“Someone who works with a potential criminal defendant would never be allowed on a jury. Why should they be placed in charge of the prosecution? That’s not cop-hating, it’s just common sense.”
Where I disagree with you is that I think you are overstating the closeness of the relationship between police (as a whole) and elected prosecutors, while VASTLY understating the likelihood of any elected official throwing absolutely anyone under the bus for their own political ends. Do you think Officer Pantaleo grew up dreaming of enforcing a $6 per pack tax on cigarettes? He was forced into taking the action he did by policies generated a LOT higher up the food chain by the very people screwing him over now. I just wish, since it was on video, he had the presence of mind to say, before taking Garner down, “Look, the Mayor wants his six bucks. Cough it up or the Captain says we have to take you in.”
“Finally, comparing becoming a police officer to becoming a lawyer, as if it’s an either/or choice for most people, is just apples and oranges.”
Agreed. One requires an insane vetting process, an extended testing regimen, and a lot of luck. The other requires that you’re not a complete turd as an undergrad, and you can afford pay both tuition and to sit in school for three more years of your mid 20’s. But you’re right, and that’s part of the problem. Given their choice, most police departments would LIKE to be recruiting from the same pool as law school. Truthfully, I know of a couple cities that will give extra civil service points to candidates with a law degree. I also know quite a few lawyers who worked their way through law school as cops.
“They require different skill sets.”
Indeed. One requires you to make split-second, life and death decisions based on, among other things, your knowledge of the relevant constitutional principles and case law. The other requires you to be capable of talking your way out of anything, avoiding all responsibility if possible, and engaging in EXACTLY the behavior that is the very definition of “corruption” in any other profession. But again, that’s just my experience. We can talk about the % of politicians who are lawyers and the rate of alcoholism in the legal profession that is never, ever discussed openly some other time.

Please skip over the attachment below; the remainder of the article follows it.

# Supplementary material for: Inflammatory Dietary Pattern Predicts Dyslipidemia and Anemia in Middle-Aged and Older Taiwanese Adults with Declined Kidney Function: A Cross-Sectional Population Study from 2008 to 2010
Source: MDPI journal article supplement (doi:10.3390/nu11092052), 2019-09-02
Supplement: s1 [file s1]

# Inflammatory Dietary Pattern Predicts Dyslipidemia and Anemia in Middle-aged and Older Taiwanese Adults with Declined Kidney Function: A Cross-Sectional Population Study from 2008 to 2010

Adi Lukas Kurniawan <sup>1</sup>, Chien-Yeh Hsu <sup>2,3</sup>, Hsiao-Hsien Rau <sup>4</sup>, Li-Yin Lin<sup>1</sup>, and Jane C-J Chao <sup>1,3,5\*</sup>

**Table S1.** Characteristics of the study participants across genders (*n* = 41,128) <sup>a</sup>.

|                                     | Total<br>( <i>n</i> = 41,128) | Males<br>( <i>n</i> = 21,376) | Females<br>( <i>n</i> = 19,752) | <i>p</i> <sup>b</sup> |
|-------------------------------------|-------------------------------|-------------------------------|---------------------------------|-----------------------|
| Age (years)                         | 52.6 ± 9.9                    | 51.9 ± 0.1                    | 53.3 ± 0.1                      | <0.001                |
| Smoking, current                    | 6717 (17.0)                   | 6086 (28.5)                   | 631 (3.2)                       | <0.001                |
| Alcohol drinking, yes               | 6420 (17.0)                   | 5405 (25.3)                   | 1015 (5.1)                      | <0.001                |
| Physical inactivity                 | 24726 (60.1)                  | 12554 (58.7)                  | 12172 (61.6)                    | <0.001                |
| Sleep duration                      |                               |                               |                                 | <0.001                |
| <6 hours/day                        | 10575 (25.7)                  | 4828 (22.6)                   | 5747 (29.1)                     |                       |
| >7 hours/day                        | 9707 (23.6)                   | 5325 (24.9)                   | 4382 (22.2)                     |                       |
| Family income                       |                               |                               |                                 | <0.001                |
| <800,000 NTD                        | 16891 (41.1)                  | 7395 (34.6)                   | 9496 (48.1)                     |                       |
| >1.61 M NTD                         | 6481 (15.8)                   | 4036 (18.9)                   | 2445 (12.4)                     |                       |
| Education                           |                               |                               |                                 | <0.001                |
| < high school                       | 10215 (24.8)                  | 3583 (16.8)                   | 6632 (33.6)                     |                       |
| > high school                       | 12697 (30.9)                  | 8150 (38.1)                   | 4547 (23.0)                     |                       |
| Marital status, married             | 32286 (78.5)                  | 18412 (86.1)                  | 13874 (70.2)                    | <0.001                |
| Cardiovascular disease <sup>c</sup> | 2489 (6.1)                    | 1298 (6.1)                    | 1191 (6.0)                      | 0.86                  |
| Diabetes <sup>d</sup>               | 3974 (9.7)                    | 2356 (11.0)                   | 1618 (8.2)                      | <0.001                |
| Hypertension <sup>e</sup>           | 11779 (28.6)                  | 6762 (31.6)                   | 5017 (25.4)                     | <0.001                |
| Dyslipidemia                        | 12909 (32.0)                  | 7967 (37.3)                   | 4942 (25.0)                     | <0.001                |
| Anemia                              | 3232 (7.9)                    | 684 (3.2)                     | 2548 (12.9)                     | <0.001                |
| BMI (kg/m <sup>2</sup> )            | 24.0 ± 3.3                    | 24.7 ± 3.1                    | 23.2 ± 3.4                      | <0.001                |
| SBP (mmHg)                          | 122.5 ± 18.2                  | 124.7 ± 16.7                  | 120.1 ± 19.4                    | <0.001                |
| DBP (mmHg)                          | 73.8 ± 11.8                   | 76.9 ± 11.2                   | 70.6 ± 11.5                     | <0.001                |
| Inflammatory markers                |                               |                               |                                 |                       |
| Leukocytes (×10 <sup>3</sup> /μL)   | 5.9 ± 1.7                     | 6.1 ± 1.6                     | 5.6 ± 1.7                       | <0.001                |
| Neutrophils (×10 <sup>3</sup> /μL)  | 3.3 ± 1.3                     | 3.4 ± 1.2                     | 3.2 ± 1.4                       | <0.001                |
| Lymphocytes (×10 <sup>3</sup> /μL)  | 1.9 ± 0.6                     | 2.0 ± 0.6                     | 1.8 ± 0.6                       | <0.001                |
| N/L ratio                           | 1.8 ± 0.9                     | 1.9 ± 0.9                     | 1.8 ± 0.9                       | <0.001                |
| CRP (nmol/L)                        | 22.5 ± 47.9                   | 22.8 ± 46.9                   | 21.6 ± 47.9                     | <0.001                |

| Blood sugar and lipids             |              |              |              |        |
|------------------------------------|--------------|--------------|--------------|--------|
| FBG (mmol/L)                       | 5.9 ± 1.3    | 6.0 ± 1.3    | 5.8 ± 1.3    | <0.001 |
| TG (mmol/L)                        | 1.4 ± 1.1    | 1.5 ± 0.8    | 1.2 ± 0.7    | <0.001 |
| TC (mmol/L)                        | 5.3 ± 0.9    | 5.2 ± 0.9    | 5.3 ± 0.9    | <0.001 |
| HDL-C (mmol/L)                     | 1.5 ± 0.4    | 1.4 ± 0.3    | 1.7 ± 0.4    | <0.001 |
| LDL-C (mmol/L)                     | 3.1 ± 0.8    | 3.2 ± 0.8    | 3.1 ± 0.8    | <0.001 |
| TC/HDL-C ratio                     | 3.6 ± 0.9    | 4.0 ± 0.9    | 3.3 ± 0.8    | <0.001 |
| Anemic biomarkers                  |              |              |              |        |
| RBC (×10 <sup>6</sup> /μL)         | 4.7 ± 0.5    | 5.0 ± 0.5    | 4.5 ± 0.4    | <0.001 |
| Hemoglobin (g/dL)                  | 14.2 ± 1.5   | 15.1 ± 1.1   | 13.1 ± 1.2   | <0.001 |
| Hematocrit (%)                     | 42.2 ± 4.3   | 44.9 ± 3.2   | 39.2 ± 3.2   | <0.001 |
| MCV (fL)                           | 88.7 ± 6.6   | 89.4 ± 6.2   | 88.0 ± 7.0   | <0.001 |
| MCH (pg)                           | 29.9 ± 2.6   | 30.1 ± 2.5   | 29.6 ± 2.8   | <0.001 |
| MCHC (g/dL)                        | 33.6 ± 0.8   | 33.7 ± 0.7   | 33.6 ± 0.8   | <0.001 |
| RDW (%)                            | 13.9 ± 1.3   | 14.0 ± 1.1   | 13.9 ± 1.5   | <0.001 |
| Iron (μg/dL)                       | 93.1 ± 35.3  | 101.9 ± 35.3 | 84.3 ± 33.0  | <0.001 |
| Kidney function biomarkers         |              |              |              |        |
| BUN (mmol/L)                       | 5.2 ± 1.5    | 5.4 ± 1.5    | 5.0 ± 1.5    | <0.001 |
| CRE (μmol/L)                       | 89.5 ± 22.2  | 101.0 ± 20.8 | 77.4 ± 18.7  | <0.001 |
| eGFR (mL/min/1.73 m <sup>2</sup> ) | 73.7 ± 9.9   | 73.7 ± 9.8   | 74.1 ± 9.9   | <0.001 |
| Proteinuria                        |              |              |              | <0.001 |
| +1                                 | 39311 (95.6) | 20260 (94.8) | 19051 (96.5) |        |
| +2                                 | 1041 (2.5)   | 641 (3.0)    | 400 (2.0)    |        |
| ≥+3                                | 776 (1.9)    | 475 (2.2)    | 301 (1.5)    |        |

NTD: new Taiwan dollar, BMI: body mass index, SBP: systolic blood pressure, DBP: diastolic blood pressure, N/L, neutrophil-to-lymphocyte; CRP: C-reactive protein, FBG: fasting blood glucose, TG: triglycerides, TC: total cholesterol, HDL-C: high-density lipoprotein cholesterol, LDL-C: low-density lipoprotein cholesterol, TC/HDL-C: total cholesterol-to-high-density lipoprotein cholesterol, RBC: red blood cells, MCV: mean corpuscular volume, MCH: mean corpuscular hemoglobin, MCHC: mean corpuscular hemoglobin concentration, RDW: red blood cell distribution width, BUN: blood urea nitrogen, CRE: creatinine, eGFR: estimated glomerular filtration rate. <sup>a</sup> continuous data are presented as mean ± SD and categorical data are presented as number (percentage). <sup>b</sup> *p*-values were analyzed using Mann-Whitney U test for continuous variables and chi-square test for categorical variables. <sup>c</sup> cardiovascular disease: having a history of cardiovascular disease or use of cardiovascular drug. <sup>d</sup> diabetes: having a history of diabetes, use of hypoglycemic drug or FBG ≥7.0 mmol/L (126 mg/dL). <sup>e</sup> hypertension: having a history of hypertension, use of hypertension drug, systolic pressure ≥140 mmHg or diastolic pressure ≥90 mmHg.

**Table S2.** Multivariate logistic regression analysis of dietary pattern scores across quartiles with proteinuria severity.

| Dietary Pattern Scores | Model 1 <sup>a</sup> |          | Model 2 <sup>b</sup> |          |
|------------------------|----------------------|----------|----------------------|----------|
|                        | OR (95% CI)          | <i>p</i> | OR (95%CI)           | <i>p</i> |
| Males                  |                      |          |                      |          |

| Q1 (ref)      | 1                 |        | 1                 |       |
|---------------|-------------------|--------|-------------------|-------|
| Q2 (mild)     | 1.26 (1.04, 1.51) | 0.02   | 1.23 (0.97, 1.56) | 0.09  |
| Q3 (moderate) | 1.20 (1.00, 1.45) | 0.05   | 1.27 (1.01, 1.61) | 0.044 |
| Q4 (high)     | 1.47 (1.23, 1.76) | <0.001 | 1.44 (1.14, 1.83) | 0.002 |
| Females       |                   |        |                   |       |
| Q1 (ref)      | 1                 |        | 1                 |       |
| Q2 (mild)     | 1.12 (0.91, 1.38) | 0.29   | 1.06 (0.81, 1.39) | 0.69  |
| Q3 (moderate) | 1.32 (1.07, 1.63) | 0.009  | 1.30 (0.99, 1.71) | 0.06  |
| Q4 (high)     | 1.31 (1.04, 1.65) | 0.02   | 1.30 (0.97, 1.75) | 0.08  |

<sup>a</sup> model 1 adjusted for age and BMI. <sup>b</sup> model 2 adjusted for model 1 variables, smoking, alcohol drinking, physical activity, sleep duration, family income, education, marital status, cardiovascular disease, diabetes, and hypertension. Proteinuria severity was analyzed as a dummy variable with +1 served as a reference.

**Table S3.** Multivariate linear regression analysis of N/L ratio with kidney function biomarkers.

“There are plenty of people qualified to be lawyers who would never make it through the police academy. And there are plenty of great officers who may not have had the grades and test scores to get into law school.”
I think you would find that there is much more crossover in skills than you think. Then again, I also think that you buy into the subtle class distinctions most often still perpetuated in the legal system – that policing is “blue collar” work, overseen by the better-educated “gentlemen” who are lawyers.
“Moreover, during my three years of law school, I amassed $100,000 in debt — and that was 20 years ago. Someone who went straight into law enforcement after college (assuming they went to college) would probably have EARNED more than that. So maybe some people would rather earn money than rack up debt.”
That’s an individual choice, not a reason why police departments wouldn’t choose to recruit from the same candidate pool as law schools. It’s kind of a good selling point for recruiting, don’t you think? In a tight economy with a surplus of college-educated people and an even bigger surplus of lawyers, I think you would find that people are taking any job they can get. It’s a buyer’s market. While the outcome may be better educated officers, it is likely to be less diverse or talented officers if the primary “gatekeeper” is going to be a college education.
“Thanks for the discussion. I’m just not buying your premise.”
You’re welcome, Al. Thanks for commenting. You might have noticed that I’m not buying many of yours, either. That’s ok, though, we’re all products of our own experiences. Good luck.